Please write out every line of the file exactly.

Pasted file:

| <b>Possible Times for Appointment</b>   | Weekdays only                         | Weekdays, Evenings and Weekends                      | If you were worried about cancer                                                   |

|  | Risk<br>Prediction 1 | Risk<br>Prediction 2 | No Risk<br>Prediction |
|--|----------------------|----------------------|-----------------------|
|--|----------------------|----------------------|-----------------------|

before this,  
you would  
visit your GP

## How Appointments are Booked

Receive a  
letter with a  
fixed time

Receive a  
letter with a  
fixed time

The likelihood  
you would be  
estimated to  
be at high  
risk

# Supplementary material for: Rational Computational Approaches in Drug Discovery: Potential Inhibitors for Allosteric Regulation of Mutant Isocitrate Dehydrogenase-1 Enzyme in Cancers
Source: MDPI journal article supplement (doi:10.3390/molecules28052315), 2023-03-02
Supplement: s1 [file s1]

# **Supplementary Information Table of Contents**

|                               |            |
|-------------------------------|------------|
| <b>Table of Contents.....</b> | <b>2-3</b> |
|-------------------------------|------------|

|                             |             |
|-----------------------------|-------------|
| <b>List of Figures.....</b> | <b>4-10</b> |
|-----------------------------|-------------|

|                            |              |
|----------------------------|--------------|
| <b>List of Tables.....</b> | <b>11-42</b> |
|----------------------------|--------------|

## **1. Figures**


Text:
| <b>Possible Times for Appointment</b>   | Weekdays only                         | Weekdays, Evenings and Weekends                      | If you were worried about cancer                                                   |

|  | Risk<br>Prediction 1 | Risk<br>Prediction 2 | No Risk<br>Prediction |
|--|----------------------|----------------------|-----------------------|
|--|----------------------|----------------------|-----------------------|

before this,  
you would  
visit your GP

## How Appointments are Booked

Receive a  
letter with a  
fixed time

Receive a  
letter with a  
fixed time

The likelihood  
you would be  
estimated to  
be at high  
risk

# Supplementary material for: Rational Computational Approaches in Drug Discovery: Potential Inhibitors for Allosteric Regulation of Mutant Isocitrate Dehydrogenase-1 Enzyme in Cancers
Source: MDPI journal article supplement (doi:10.3390/molecules28052315), 2023-03-02
Supplement: s1 [file s1]

# **Supplementary Information Table of Contents**

|                               |            |
|-------------------------------|------------|
| <b>Table of Contents.....</b> | <b>2-3</b> |
|-------------------------------|------------|

|                             |             |
|-----------------------------|-------------|
| <b>List of Figures.....</b> | <b>4-10</b> |
|-----------------------------|-------------|

|                            |              |
|----------------------------|--------------|
| <b>List of Tables.....</b> | <b>11-42</b> |
|----------------------------|--------------|

## **1. Figures**